NGC 1763 and NGC 1769. Image: Mark Hanson/Martin Pugh.

Let's see what Steve Gottlieb wrote about NGC 1769:
NGC 1769 is a bright, large oval nebula oriented SW-NE, roughly 3’ x 2'. At the center is a mag 11.5 star (Sk -66 41)...

Sk-66 41 was once thought to be one of the most single massive and luminous stars in the LMC but has been shown to be a very compact cluster with over a dozen components.
Take a look at the NASA/ESA/Josh Lake picture of NGC 1769 again. Note the very tight cluster at the center of the image. Through a telescope, this cluster undoubtedly looks like a single star, and the distinctive dust lane is certainly invisible.

So through a telescope NGC 1769 looks moderately boring, but at the resolution of Hubble we can see not only the signature dust lane, but the extremely tight cluster as well.

So in short, NGC 1763 is an amateur telescope nebula 🔭, but NGC 1769 is a Hubble Space Telescope nebula!

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Re: APOD: N11: Star Clouds of the LMC (2022 Apr 12)

Post by VictorBorun » Fri Apr 15, 2022 4:32 pm

Chris Peterson wrote: Tue Apr 12, 2022 6:45 pm
VictorBorun wrote: Tue Apr 12, 2022 4:51 pmSo the Large Magellanic Cloud with all its hydrogen orbits Milky Way at 380 km/s and the hydrogen is not excited by ram pressure.
How so?
Why do you assume that the end of the glow in the image is the end of the ionization? There is a great deal of ionized gas in the interstellar medium. It's just so tenuous that the intensity is low. At the exposure time of this image, the apparent edge of ionization is likely just where the density is so low that the intensity is below the noise level.
come to think of it there may be no ram pressure at 380 km/s after all.
Somewhere N11 ends and the LMC ends, and intergalactic low-density media begins.
But there may be a sort of Cartesian vortex ring or half-ring in that media, orbiting Milky Way together with the LMC and keeping it nice and cold except locally, around young stellar clusters

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Re: APOD: N11: Star Clouds of the LMC (2022 Apr 12)

Post by Ann » Fri Apr 15, 2022 6:03 pm

VictorBorun wrote: Fri Apr 15, 2022 4:32 pm
Chris Peterson wrote: Tue Apr 12, 2022 6:45 pm
VictorBorun wrote: Tue Apr 12, 2022 4:51 pmSo the Large Magellanic Cloud with all its hydrogen orbits Milky Way at 380 km/s and the hydrogen is not excited by ram pressure.
How so?
Why do you assume that the end of the glow in the image is the end of the ionization? There is a great deal of ionized gas in the interstellar medium. It's just so tenuous that the intensity is low. At the exposure time of this image, the apparent edge of ionization is likely just where the density is so low that the intensity is below the noise level.
come to think of it there may be no ram pressure at 380 km/s after all.
Somewhere N11 ends and the LMC ends, and intergalactic low-density media begins.
But there may be a sort of Cartesian vortex ring or half-ring in that media, orbiting Milky Way together with the LMC and keeping it nice and cold except locally, around young stellar clusters
If you ask me, there isn't a lot of intergalactic gas in the Local Group. Large rich galaxy clusters, with giant elliptical galaxies with huge black holes that can have tremendous outbursts and eject huge amounts of gas into the intergalactic medium, is another matter.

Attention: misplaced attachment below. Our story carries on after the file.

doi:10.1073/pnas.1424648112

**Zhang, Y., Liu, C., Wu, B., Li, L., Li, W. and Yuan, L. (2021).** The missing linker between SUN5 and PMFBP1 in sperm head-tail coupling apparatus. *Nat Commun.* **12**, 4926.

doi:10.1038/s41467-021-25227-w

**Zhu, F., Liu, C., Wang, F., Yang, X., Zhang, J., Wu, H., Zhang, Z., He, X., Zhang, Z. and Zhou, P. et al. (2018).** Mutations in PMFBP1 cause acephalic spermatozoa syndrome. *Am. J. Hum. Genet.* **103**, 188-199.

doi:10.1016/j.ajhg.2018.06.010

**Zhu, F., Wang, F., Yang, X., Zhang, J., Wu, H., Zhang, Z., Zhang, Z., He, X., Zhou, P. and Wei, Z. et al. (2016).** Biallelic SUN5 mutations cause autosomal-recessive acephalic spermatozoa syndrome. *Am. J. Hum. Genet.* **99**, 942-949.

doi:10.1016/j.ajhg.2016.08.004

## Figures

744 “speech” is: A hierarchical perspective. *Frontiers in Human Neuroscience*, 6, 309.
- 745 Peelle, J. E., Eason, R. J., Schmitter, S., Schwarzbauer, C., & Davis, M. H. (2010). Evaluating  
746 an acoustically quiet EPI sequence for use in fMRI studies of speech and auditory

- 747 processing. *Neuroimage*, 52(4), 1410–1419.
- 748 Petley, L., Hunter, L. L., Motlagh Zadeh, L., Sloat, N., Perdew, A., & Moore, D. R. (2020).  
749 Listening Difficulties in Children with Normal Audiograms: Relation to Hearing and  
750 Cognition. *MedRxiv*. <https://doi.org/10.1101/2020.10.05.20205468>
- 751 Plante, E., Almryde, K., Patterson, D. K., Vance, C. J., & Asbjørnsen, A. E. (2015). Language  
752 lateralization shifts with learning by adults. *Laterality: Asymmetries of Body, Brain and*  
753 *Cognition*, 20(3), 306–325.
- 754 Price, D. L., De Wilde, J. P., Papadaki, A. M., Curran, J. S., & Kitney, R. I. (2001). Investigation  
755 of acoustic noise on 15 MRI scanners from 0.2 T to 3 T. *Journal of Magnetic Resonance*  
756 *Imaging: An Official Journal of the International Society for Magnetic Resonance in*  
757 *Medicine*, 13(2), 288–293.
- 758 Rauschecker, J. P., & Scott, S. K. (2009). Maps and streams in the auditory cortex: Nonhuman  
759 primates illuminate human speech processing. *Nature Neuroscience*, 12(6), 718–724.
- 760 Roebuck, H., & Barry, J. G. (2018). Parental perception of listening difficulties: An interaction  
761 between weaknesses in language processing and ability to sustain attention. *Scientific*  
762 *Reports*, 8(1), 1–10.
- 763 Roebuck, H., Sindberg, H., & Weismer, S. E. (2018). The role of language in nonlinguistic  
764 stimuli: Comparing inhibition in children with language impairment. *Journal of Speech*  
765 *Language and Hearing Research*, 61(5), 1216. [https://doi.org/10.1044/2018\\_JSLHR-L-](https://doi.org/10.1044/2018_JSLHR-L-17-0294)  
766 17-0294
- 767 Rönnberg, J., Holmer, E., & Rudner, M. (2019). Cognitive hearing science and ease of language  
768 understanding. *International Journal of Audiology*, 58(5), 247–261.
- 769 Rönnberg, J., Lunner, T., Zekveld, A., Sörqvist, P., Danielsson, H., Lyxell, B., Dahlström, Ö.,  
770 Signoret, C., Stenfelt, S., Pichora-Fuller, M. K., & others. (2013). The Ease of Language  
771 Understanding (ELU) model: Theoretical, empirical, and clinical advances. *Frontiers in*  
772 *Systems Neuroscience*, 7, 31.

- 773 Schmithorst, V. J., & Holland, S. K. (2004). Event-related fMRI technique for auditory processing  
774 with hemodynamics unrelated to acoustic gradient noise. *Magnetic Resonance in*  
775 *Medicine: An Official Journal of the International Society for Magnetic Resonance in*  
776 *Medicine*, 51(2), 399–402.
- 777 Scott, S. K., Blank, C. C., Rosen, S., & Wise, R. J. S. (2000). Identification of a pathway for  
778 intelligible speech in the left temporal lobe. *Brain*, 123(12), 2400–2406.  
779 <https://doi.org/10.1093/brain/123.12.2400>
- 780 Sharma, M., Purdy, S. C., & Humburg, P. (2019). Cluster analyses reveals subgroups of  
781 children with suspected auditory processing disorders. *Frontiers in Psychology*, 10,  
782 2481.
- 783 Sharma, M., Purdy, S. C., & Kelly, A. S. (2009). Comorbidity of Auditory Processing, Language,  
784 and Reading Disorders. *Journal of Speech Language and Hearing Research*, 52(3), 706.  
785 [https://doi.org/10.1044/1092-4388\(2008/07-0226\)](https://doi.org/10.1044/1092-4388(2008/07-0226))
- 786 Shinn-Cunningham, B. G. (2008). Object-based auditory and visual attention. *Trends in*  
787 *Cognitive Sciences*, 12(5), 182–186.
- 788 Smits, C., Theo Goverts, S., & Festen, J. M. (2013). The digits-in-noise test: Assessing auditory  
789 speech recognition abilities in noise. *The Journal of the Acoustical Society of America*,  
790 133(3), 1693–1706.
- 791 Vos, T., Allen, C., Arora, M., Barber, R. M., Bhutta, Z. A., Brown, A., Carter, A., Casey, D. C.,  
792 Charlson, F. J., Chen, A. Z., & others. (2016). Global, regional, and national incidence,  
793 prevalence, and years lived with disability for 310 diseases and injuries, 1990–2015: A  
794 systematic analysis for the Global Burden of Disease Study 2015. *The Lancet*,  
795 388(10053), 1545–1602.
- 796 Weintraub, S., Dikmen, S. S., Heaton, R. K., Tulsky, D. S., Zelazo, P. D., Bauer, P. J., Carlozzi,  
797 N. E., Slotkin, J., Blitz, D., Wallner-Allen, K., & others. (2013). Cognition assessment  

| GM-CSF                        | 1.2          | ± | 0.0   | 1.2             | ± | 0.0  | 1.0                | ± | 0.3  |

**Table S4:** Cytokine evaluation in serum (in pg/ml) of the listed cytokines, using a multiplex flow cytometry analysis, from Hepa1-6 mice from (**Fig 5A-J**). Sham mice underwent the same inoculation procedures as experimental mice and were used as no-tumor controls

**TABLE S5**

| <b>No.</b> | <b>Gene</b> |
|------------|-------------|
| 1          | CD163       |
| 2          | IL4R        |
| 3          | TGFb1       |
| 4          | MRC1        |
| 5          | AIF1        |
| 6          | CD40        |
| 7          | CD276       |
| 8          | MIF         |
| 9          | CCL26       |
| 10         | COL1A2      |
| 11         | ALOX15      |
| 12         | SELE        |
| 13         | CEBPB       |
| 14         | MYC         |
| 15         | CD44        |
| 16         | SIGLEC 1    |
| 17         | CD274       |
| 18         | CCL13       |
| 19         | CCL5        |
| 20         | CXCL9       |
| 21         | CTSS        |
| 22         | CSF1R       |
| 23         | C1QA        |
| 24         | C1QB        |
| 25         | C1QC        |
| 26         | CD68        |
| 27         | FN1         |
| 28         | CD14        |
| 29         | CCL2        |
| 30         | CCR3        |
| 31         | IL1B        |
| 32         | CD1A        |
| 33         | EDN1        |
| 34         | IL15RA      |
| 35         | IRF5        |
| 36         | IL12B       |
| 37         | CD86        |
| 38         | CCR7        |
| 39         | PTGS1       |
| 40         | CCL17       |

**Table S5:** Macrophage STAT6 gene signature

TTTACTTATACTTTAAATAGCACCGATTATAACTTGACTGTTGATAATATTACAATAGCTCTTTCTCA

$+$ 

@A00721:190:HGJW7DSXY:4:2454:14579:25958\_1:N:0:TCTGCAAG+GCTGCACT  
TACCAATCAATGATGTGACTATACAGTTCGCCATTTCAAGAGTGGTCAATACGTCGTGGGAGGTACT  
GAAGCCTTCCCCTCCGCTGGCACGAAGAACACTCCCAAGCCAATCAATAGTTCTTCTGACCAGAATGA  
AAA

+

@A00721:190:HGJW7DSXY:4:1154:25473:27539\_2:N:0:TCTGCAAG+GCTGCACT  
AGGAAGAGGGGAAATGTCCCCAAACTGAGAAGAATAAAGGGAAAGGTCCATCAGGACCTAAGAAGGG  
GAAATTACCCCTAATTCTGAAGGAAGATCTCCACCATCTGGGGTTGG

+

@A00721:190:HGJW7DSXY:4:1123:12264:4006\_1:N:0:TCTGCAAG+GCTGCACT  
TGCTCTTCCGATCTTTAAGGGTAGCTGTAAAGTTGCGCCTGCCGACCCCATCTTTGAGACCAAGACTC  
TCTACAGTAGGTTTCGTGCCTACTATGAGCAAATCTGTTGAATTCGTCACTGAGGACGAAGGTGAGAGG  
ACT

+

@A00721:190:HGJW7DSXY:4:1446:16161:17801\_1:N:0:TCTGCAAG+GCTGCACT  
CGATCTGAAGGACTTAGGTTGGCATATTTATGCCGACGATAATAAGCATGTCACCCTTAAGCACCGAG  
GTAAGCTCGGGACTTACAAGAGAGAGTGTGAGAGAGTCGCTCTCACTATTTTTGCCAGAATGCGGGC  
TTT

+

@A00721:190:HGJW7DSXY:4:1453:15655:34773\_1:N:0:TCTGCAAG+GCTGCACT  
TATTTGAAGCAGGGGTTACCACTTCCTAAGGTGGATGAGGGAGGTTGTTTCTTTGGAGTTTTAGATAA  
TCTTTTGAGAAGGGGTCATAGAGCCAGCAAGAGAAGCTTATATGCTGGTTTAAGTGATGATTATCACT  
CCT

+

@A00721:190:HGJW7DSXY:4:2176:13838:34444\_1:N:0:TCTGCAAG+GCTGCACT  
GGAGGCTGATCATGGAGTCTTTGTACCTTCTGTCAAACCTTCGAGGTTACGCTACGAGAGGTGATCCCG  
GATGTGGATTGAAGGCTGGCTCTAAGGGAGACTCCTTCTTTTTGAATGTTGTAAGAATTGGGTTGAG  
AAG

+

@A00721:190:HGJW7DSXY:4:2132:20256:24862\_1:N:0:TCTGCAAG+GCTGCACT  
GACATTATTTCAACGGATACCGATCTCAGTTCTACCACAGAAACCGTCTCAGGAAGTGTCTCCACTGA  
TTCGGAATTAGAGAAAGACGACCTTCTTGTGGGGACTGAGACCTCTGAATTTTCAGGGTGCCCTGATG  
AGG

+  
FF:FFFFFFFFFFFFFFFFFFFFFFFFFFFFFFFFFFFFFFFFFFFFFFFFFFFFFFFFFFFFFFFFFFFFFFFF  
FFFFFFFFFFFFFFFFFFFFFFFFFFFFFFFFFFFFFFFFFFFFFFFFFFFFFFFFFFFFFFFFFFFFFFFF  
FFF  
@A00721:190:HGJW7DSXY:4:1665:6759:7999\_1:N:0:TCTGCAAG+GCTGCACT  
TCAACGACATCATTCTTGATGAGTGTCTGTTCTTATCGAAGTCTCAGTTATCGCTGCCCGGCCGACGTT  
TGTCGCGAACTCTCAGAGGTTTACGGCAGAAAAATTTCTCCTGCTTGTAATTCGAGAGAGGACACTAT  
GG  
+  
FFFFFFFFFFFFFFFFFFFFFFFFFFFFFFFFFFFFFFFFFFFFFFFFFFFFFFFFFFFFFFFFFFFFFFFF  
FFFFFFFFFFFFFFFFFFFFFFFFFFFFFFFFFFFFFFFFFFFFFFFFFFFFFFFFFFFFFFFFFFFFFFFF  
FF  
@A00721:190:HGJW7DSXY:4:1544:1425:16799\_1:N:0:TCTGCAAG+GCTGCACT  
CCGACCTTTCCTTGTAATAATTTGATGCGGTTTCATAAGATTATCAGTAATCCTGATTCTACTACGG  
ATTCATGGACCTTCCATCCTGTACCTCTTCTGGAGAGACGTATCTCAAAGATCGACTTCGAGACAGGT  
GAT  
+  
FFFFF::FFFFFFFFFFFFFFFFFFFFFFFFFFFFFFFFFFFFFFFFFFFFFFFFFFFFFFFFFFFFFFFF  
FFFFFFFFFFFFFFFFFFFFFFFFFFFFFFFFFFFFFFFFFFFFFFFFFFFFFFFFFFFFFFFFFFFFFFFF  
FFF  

1024px-View_Towards_the_Great_Attractor[1].jpg
Large rich galaxy cluster Abell 3627. Photo: ESO.
APOD Robot wrote:

Spiral galaxy ESO 137-001 hurtles through massive galaxy cluster Abell 3627 some 220 million light years away. The distant galaxy is seen in this colorful Hubble/Chandra composite image through a foreground of the Milky Way's stars toward the southern constellation Triangulum Australe. As the spiral speeds along at nearly 7 million kilometers per hour, its gas and dust are stripped away when ram pressure with the cluster's own hot, tenuous intracluster medium overcomes the galaxy's gravity. Evident in Hubble's near visible light data, bright star clusters have formed in the stripped material along the short, trailing blue streaks. Chandra's X-ray data shows off the enormous extent of the heated, stripped gas as diffuse, darker blue trails stretching over 400,000 light-years toward the bottom right. The significant loss of dust and gas will make new star formation difficult for this galaxy. A yellowish elliptical galaxy, lacking in star forming dust and gas, is just to the right of ESO 137-001 in the frame.
Falling through the intergalactic medium of a massive cluster is something else entirely than the LMC orbiting the Milky Way.

The Virgo Cluster is a rich nearby cluster where ram pressure is at work:

Image[1].jpg
NGC 4569 (M90), the largest spiral galaxy in the Virgo Cluster,
being stripped of gas by ram pressure. Image: ©2015 CFHT/Coelum
Canada-France-Hawaii Telescope wrote:

An international team led by researchers from the Laboratoire d'Astrophysique de Marseille (LAM) has used MegaCam on CFHT to observe NGC 4569, the most massive spiral galaxy in the Virgo cluster. They observed, for the first time, spectacular tails of ionized gas that extend for over 300,000 light years, five times larger than NGC 4569 itself! This observation confirms that ram pressure stripping due to the intracluster medium is depriving NGC 4569 of its gas reservoir.

The red filaments at the right of the galaxy show the ionised gas removed by ram pressure. This is about 95% of the gas reservoir of the galaxy needed to feed the formation of new stars.
We expect to see ram pressure in "busier" environments than the Local Group (not that it couldn't ever happen here, of course).

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Re: APOD: N11: Star Clouds of the LMC (2022 Apr 12)

Post by Chris Peterson » Fri Apr 15, 2022 6:16 pm

Ann wrote: Fri Apr 15, 2022 6:03 pm If you ask me, there isn't a lot of intergalactic gas in the Local Group.
There is a lot... but the density is extremely low. But the volume of intergalactic space is also immensely greater than the volume of all the galaxies that are in that space. I believe that something like 95% of the hydrogen in the Universe exists outside of stars and galaxies.